We have expressed NTnC in mammalian and neuronal cells and characterized its features in vivo. NTnC could reliably report variations in Ca2+ ion levels induced by ionomycin in mammalian cells and by spontaneous activity in dissociated neuronal cultures. Specific responses of the NTnC indicator to calcium ions have been confirmed with a control mutant, NTnC/166D+/202D+. The availability of such a control for NTnC opens up possibilities for further research to distinguish the impact of Ca2+ from those of other factors (such as pH) that may affect the fluorescence of the indicator.
Using whole-cell patch clamp recording, we have revealed similar kinetics of Ca2+ responses in neurons expressing NTnC and GCaMP6s. We have found that NTnC shows sensitivity to single APs similar to that of GCaMP6s. This sensitivity correlates with the higher affinity of NTnC to Ca2+ ions and with its linear response at low Ca2+ concentration changes, which is due to the decreased number of Ca2+-binding sites. Furthermore, our results indicate similar impacts of NTnC and GCaMP6s expression on the electrophysiological features of the MEA-plated neurons.
Finally, we have explored the potential of NTnC for in vivo applications. NTnC has revealed stimulus-evoked neuronal calcium ion activity in vivo in the visual cortex of awake mice with the help of two-photon microscopy. NTnC can also successfully visualize neuronal activity in vivo in the visual cortex of freely moving mice using an nVista head-mounted miniature microscope (notably, the high brightness and inverted phenotype of NTnC facilitated the installation procedure preceding in vivo imaging). During in vivo experiments, NTnC revealed less neuronal calcium ion activity than did GCaMP6s, which might be related to the limited ΔF/F dynamic range of NTnC.
Importantly, the enhanced baseline brightness and inverted fluorescence responses of NTnC facilitate the identification of neurons at low resting concentrations of calcium ions and, thus, may be valuable for in vivo applications where background fluorescence makes detection of such cells problematic. We expect that further exploration of NTnC-like designs, with the aim of enhancing its ΔF/F dynamic range, may result in sensors with performance levels similar or superior to those of GECIs with conventional designs.
Materials and Methods
Mutagenesis and library screening
Primary construction of sensors and directed saturated mutagenesis of linkers between fluorescent and sensory parts were accomplished using polymerase chain reaction (PCR) with overlapping fragments19. For PCR amplification, we used a С1000 Touch Thermal Cycler (Bio-Rad, USA). Random mutations were introduced over the whole length of the sensor gene using PCR in the presence of manganese ions with conditions to achieve 2–3 random mutations per 1000 bp (according to the Diversify PCR Random Mutagenesis Kit User Manual, Clontech, USA). Alternatively, random mutagenesis of the sensor was performed with a GeneMorph II Random Mutagenesis Kit (Agilent Technologies, USA).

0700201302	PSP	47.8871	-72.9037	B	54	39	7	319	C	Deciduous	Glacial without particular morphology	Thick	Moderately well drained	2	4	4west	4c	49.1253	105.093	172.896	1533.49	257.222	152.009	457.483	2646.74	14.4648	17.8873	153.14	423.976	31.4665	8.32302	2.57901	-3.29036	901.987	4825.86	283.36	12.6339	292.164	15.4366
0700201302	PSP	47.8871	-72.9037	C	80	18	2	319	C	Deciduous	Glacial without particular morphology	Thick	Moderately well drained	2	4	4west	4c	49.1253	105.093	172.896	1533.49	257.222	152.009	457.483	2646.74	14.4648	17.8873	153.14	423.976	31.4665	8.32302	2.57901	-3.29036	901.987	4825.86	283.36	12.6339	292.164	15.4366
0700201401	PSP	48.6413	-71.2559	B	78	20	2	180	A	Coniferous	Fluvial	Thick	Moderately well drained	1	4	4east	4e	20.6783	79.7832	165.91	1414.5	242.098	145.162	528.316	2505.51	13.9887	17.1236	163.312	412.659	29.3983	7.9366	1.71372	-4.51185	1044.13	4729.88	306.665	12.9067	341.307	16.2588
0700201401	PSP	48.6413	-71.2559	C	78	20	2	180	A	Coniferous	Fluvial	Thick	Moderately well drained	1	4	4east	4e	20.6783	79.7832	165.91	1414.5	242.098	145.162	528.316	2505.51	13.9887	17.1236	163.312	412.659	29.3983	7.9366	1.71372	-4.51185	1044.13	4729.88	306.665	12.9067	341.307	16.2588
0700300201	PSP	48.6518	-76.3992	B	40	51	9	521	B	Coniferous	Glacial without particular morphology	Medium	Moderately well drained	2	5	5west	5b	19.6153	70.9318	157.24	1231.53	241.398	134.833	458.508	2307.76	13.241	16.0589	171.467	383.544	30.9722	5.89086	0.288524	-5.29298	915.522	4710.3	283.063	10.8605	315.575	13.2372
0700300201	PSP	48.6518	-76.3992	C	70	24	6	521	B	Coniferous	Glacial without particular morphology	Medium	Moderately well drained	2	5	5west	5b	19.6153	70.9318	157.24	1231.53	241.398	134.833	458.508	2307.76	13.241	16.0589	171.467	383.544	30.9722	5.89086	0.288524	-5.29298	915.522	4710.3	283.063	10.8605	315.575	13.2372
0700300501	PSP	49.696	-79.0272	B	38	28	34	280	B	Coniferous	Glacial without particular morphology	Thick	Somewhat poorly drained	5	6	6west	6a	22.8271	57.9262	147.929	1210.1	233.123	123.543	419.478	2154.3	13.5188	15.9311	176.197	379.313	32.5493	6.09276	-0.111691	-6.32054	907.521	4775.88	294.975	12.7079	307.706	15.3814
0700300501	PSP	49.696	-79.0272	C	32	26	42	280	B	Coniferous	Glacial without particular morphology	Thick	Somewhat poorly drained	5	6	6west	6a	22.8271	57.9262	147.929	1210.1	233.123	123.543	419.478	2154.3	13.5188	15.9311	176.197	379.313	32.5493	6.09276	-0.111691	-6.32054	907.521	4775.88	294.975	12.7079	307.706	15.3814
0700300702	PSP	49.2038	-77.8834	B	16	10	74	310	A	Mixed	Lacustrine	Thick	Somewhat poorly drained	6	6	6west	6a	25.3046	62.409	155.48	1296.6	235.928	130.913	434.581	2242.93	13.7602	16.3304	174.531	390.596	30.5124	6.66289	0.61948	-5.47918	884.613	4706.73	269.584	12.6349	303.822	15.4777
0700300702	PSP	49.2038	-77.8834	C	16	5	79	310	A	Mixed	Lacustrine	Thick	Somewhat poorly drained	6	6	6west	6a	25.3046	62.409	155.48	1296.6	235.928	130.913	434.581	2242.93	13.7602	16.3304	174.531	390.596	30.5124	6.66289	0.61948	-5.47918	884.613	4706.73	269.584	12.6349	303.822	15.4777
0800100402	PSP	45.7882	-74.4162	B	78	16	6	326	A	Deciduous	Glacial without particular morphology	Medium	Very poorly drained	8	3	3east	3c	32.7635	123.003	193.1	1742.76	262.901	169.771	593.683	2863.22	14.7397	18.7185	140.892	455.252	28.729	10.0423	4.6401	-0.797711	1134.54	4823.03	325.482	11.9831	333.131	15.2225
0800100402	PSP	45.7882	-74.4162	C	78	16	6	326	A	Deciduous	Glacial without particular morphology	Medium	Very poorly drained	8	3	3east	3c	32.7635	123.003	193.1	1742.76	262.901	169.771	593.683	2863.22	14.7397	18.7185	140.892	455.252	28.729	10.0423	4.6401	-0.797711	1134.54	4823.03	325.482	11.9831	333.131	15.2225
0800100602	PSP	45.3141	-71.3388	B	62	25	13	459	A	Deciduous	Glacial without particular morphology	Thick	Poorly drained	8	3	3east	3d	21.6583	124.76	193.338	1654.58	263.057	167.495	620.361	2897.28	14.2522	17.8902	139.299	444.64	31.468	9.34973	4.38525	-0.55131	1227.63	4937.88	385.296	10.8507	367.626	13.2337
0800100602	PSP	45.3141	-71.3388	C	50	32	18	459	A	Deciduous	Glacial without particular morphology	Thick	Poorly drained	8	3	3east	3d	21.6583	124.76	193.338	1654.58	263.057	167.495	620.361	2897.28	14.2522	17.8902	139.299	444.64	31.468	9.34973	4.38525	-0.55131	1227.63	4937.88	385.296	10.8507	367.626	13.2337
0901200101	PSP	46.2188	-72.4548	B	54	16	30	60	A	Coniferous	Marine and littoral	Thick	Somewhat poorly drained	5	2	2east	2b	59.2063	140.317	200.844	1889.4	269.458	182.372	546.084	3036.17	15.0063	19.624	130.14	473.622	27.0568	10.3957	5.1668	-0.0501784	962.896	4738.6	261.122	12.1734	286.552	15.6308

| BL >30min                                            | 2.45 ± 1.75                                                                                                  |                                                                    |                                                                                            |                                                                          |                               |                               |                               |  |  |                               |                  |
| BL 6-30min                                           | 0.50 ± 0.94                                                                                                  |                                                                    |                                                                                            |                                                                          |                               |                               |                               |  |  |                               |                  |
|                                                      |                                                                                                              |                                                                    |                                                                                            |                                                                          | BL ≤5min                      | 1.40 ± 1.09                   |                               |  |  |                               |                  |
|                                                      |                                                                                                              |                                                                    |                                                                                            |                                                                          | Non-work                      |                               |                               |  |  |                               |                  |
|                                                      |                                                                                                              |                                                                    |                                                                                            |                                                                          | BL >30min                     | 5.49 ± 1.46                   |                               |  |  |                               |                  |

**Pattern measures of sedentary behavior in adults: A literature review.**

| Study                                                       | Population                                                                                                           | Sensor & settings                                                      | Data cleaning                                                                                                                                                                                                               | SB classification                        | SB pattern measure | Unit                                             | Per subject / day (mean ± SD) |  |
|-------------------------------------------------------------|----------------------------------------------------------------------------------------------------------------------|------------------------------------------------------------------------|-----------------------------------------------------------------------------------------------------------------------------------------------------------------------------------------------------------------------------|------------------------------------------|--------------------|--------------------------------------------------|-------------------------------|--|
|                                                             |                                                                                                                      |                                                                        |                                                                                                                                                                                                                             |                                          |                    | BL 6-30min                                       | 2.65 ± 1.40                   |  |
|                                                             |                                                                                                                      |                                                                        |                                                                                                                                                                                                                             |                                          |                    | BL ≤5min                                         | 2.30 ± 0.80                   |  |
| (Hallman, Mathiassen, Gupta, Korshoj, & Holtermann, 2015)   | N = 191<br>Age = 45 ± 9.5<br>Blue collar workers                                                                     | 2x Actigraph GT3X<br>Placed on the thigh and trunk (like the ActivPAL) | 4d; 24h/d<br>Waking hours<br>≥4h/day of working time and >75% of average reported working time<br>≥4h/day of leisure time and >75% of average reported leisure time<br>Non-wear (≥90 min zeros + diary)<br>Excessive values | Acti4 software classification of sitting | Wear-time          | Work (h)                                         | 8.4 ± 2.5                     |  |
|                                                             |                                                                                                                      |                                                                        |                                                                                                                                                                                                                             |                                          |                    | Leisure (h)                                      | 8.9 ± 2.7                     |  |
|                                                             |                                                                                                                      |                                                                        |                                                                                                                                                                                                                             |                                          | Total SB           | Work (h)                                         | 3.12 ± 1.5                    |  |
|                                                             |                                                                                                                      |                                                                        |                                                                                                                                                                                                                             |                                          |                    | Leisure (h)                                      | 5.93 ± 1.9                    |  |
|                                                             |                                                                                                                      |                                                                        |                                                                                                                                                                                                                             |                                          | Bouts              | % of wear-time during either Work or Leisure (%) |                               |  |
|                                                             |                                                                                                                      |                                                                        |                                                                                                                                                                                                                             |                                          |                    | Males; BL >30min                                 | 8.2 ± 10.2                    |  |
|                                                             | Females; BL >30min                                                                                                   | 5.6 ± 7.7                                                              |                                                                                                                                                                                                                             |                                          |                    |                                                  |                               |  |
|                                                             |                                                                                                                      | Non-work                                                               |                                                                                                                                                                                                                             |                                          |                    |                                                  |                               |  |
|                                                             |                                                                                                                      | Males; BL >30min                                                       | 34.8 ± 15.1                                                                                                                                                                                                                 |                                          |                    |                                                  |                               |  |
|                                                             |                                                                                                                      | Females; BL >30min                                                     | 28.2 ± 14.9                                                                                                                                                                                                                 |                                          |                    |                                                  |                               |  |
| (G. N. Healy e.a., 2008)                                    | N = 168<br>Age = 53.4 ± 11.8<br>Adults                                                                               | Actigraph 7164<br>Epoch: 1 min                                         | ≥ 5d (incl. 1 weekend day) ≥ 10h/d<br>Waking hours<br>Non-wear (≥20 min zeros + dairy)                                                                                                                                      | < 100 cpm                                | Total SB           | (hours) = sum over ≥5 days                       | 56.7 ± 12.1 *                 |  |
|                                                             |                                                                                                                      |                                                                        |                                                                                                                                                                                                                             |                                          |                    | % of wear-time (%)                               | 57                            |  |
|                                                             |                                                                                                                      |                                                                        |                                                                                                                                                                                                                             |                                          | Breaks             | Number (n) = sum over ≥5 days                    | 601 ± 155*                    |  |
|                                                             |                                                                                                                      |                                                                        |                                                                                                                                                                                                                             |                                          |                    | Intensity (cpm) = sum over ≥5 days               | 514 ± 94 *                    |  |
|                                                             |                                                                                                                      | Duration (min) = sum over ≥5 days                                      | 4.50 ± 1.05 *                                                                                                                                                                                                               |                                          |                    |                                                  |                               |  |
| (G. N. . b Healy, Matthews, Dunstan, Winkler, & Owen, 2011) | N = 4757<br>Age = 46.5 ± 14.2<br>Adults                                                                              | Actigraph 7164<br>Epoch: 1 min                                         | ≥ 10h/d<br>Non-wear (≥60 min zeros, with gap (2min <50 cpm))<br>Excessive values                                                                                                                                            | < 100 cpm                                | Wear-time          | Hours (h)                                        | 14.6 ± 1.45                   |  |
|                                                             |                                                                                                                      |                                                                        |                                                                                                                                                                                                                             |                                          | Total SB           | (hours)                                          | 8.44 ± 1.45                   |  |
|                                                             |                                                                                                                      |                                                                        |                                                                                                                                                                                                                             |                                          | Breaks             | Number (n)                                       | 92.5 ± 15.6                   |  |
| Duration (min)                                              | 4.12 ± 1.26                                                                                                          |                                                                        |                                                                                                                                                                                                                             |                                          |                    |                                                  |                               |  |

Further, we cloned genes for sensors using the BglII/EcoRI restriction sites of the pBAD/His-TorA plasmid encoding the TorA signal sequence, which is necessary for the transport of sensors into the periplasmic space of bacteria, and transformed these plasmids into bacteria. To that end, PCR products were purified in 1% agarose gels and extracted using PCR purification and a gel extraction kit (Evrogen, Russia). Afterwards, plasmids and PCR digests were ligated. Ligation mixes were further purified via PCR purification and using a gel extraction kit (Evrogen, Russia) and were transformed into electrocompetent BW25113 bacteria using electroporation.
Screening of bacterial libraries was performed sequentially on Petri dishes, bacterial suspensions in 96-well plate format, and purified proteins (Supplementary Methods).
Protein purification and characterization
The genes for protein expression were cloned into the pBAD/HisB vector (Invitrogen, USA) at the BglII/EcoRI restriction sites, and the resulting plasmids were transformed into BW25113 bacteria. The bacterial cultures were grown in LB medium supplemented with 0.02% arabinose and 100 μg/ml ampicillin overnight at 37 °C and 220 rpm. The cultures were then centrifuged at 4648 g for 10 min, and the cell pellets were resuspended in PBS at pH 7.4 with 300 mM NaCl and lysed by sonication on ice. The recombinant proteins were purified using Ni-NTA resin (Qiagen, USA), followed by dialysis for 12–16 h against buffer solutions (10 mM Tris-HCl, 100 mM KCl, pH 7.2, with either 10 mM EDTA or 10 mM CaCl2 or without EDTA and CaCl2). The absorbance values and excitation and emission spectra were measured with a CM2203 spectrofluorometer (Solar, Belarus).
Chromophore extinction coefficients for purified NTnC in the Ca2+-free and Ca2+-saturated states were measured in buffer (10 mM Tris-HCl, 100 mM KCl, pH 7.2) supplemented with either 10 mM EDTA or 10 mM CaCl2, respectively, by alkaline denaturation with 1 M NaOH and using extinction coefficients for GFP-like chromophores equal to 44,000 M−1 cm−1 in 1 M NaOH20.